The basic motive of hospice and early palliative care is to provide quality life to those who are longer eligible to be admitted in intensive care units. Its goal is to provide relief from pain and other distressing symptoms while affirming life and regarding dying as a normal process. We all are well aware of the fact how uncertain life events are how diagnosis of such life threatening diseases such as cancer could be a plain surprise to any individual. Where survival and enhancement of life is prayed for, the end where there is no chance of survival is expected should be taken care of as well. This is where hospice comes in place, providing emotional and spiritual support to the patients with proper team coordination makes the last days of life a bit more joyful
Planning of an aid system:
We all go through the phase where we sit and think of our lives. We plan it for the future, we plan it till the end, we think of the possibilities and scenarios which we might face running in a specific career. But most of us miss the part where we are helpless. When we have no one to rely on. When the sciences of the world have given up, when there is no medical treatment left to put you out of the misery that some diseases is pulling you in. It is important to add this into your list when you plan it all out, to think of your end. To plan aid system for yourself, a team, a group of people to rely on for your emotional and spiritual support to focus end-of-life care and how to improve the process of dying. The hospice system has become essential in the recent years according to a few academic researches.
Main benefits of hospice care:
One of the main benefits of hospice is to help patients and their families with advance care planning and to help patients die at the location of their choice. Over the years, surveys have consistently shown that the majority of patients prefer home as the place to die. However, 77% of patients in Forst et al’s study died in the hospital. This might be due to short stays in hospice and an indicator that care might be shifted to supportive care shortly before death while patients were already admitted to the hospital. Earlier referral to hospice might offer one way to evaluate and respect patients’ wishes to die at the place of their preference, especially as hospitalizations correlate with more procedures and intensive care utilization at the end of life.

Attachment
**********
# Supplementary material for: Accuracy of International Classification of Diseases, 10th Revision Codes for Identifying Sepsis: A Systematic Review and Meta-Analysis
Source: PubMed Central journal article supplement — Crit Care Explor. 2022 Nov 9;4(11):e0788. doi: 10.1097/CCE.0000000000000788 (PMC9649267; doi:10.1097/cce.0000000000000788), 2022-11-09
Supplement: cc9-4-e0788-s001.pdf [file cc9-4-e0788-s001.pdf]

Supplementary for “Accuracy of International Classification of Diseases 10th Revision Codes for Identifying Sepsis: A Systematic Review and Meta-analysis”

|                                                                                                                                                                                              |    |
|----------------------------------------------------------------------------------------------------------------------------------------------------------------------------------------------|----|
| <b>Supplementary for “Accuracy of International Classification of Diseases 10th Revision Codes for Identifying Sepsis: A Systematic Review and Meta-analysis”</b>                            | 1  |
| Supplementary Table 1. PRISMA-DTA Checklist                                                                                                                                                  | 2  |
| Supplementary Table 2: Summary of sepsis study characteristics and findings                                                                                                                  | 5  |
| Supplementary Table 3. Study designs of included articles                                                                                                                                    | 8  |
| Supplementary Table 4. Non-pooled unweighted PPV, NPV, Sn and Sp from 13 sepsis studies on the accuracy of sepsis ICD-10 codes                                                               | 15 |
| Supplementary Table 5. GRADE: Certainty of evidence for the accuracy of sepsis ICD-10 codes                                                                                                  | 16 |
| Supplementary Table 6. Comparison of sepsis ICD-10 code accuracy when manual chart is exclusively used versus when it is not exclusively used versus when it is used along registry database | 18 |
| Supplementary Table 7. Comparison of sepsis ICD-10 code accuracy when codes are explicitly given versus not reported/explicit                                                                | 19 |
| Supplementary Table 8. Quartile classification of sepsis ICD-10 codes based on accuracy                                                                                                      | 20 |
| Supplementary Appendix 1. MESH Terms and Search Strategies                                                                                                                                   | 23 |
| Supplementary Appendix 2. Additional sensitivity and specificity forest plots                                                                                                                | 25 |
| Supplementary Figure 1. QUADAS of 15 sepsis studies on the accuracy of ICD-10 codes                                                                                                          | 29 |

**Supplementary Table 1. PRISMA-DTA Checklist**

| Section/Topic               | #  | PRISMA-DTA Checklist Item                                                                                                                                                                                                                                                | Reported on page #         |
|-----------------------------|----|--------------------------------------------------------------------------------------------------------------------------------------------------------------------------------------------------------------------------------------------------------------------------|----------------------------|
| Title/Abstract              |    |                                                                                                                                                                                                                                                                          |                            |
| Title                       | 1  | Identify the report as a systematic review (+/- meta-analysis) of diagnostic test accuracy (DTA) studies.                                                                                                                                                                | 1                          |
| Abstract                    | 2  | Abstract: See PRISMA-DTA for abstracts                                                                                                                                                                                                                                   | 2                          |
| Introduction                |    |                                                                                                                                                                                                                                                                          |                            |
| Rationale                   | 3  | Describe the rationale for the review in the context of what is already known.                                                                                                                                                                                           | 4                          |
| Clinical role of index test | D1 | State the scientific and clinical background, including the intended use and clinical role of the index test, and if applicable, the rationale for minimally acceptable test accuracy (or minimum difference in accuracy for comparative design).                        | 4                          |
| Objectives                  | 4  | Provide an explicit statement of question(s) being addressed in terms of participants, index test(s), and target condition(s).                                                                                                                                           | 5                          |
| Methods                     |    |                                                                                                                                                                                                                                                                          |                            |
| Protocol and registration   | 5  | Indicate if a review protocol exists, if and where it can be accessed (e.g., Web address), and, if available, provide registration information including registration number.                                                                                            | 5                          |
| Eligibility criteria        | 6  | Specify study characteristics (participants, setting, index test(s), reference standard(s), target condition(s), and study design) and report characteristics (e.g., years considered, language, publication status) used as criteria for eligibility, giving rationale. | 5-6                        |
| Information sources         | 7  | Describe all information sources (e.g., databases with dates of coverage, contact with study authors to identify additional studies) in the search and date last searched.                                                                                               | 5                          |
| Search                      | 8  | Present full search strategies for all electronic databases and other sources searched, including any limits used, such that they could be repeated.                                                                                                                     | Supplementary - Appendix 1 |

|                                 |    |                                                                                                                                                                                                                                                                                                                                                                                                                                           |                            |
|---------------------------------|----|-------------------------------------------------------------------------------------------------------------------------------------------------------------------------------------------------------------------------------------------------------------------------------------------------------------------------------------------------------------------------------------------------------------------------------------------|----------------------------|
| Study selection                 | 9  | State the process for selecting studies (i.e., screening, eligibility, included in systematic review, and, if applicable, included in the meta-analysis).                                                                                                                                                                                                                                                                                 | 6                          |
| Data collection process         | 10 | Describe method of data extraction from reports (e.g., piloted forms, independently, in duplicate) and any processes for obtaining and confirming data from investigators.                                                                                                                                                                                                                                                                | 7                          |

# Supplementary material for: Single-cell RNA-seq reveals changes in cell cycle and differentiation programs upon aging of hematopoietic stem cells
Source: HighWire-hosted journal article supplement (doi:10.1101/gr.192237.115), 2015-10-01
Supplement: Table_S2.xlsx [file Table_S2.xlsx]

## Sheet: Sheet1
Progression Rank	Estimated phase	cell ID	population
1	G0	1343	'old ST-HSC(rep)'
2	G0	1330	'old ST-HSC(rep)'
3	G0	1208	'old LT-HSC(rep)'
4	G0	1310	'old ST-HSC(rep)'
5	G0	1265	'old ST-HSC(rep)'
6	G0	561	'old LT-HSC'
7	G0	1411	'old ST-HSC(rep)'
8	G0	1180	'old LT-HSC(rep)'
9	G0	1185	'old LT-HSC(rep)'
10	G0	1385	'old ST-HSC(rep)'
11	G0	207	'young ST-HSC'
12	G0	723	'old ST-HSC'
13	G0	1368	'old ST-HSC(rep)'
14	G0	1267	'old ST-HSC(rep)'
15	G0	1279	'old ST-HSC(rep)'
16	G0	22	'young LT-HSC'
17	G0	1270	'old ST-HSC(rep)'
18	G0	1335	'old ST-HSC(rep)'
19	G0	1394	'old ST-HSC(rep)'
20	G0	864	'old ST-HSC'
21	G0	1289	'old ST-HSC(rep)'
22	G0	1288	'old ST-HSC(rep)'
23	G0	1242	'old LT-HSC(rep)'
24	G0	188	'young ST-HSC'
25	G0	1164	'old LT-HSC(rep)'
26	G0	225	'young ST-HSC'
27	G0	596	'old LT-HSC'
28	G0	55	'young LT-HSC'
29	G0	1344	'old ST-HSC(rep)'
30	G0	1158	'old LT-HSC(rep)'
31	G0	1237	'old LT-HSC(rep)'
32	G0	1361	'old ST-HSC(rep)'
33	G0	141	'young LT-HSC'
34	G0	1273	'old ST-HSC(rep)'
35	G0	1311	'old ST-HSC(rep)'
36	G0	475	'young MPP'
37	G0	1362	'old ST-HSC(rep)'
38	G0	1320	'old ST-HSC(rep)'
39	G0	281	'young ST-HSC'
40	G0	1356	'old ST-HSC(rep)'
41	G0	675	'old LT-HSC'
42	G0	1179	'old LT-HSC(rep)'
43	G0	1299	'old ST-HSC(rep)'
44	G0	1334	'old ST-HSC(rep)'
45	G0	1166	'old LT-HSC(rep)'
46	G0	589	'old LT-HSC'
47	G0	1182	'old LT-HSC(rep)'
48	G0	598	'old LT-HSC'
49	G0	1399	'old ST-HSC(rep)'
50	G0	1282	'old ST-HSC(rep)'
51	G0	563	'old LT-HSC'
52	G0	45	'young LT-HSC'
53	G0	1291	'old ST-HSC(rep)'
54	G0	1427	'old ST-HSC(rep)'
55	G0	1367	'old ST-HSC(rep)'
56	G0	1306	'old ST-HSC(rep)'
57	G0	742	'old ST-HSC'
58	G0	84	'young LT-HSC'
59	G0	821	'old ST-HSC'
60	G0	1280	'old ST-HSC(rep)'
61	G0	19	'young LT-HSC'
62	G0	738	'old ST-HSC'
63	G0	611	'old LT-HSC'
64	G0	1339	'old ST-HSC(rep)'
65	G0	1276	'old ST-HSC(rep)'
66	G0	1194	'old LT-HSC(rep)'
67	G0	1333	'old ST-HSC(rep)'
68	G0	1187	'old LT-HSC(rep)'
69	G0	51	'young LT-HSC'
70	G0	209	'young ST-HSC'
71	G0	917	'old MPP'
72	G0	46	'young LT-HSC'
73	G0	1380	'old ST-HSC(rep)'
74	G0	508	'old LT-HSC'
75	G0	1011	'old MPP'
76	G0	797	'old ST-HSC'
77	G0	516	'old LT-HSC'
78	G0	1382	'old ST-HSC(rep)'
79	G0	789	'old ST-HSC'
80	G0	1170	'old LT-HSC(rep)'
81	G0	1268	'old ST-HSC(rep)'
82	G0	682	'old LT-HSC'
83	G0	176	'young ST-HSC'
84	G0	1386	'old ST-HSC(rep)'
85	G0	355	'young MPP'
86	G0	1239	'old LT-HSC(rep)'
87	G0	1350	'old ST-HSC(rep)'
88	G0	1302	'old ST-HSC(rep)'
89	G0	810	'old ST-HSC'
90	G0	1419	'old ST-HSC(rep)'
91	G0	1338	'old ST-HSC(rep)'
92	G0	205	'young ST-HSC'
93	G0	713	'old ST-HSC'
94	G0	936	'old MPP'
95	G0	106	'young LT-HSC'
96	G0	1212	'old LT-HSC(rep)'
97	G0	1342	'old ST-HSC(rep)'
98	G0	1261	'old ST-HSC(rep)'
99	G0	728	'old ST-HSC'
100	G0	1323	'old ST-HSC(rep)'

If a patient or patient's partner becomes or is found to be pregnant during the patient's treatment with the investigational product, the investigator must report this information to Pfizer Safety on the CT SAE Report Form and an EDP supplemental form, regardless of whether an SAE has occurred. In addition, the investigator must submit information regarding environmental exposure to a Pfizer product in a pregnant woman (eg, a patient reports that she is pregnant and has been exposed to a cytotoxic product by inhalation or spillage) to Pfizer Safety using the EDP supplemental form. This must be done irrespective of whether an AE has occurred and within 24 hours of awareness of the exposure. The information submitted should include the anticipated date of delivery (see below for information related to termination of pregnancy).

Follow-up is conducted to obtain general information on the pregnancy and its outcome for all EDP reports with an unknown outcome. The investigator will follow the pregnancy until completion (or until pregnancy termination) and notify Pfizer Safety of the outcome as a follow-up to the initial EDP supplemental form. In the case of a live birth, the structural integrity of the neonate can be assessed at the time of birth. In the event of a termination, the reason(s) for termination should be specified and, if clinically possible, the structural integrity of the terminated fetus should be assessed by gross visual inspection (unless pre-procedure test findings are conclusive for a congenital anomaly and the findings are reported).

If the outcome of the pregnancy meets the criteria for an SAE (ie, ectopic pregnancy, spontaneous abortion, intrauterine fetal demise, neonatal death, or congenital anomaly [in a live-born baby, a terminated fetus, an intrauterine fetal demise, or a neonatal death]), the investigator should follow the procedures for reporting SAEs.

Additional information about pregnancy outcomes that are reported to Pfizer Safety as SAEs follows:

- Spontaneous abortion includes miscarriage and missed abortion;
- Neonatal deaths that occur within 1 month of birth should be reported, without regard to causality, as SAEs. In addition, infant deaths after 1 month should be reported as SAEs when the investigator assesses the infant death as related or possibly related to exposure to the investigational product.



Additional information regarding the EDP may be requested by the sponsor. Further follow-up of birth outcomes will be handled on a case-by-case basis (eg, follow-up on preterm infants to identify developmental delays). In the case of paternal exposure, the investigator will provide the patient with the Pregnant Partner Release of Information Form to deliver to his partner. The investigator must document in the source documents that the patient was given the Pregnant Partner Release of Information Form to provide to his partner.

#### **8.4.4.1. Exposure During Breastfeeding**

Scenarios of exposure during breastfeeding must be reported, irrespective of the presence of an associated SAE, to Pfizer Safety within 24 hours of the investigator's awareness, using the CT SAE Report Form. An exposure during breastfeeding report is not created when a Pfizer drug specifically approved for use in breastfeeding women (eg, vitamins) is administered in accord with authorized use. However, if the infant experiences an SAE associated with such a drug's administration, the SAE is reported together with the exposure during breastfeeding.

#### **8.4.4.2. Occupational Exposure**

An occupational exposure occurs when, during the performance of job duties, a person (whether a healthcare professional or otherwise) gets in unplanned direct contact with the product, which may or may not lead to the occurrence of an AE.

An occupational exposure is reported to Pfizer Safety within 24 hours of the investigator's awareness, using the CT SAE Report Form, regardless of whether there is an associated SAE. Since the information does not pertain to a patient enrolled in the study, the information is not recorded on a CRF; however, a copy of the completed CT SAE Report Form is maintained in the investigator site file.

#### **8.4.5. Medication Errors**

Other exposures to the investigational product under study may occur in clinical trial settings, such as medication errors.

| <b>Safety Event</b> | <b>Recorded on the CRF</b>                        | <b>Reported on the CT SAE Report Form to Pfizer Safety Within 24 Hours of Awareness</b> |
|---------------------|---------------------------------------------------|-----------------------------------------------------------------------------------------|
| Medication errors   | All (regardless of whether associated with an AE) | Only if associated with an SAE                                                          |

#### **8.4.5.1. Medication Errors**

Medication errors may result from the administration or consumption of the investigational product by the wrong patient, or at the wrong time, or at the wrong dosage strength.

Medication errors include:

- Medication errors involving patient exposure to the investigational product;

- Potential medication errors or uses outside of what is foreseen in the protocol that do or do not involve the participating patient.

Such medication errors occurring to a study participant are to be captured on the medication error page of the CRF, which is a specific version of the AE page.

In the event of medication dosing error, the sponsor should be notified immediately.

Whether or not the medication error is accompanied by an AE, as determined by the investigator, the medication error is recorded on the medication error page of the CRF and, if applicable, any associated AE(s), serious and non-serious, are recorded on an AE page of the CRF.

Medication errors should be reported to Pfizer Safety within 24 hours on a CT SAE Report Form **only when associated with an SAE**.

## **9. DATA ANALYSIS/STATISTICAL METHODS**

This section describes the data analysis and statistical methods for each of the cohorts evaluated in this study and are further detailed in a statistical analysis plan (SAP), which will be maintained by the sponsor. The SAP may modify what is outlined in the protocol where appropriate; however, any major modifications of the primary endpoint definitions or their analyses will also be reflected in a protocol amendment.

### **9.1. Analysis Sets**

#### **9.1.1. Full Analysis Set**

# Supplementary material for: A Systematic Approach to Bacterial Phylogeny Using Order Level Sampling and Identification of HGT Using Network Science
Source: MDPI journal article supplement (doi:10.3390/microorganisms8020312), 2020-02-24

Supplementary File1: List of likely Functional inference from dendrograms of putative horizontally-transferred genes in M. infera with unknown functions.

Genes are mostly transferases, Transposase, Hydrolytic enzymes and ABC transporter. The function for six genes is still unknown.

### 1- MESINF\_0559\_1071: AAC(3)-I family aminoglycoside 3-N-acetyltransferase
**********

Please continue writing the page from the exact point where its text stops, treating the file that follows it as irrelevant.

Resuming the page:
The major issue where people miss out hospice is unawareness. Researchers found lower odds of hospice enrollment and shorter lengths of stay for younger, male, less educated, nonwhite, and rural patients. These parameters suggest systemic barriers to hospice access. Patients and their families might still perceive hospice as “giving up” or might not be familiar with the benefits it can offer. One of the reason for people to miss out hospice are the appalling myths circulating regarding the hospice which we should clarify like, Hospice is not about giving up; it’s about living in comfort and dignity for the time one has left.
Goals of hospice care:
Hospice does not make death come sooner. The goal of hospice is neither to prolong life nor hasten death, but to make the quality of the patient’s life the best it can be in their final months, weeks and days. There are no studies that indicate that hospice can hasten death, but there have been studies showing that some patients live longer when receiving hospice services.
Quite simply, hospice is recommended because we need patients to get all of the care they need. When curative treatment is no longer working or the patient decides they no longer wish to pursue curative treatment, this is when doctors recommend hospice to ensure the patient’s symptoms are managed. We should rely on hospice and consider this when we are planning our lives out to make our dying process better.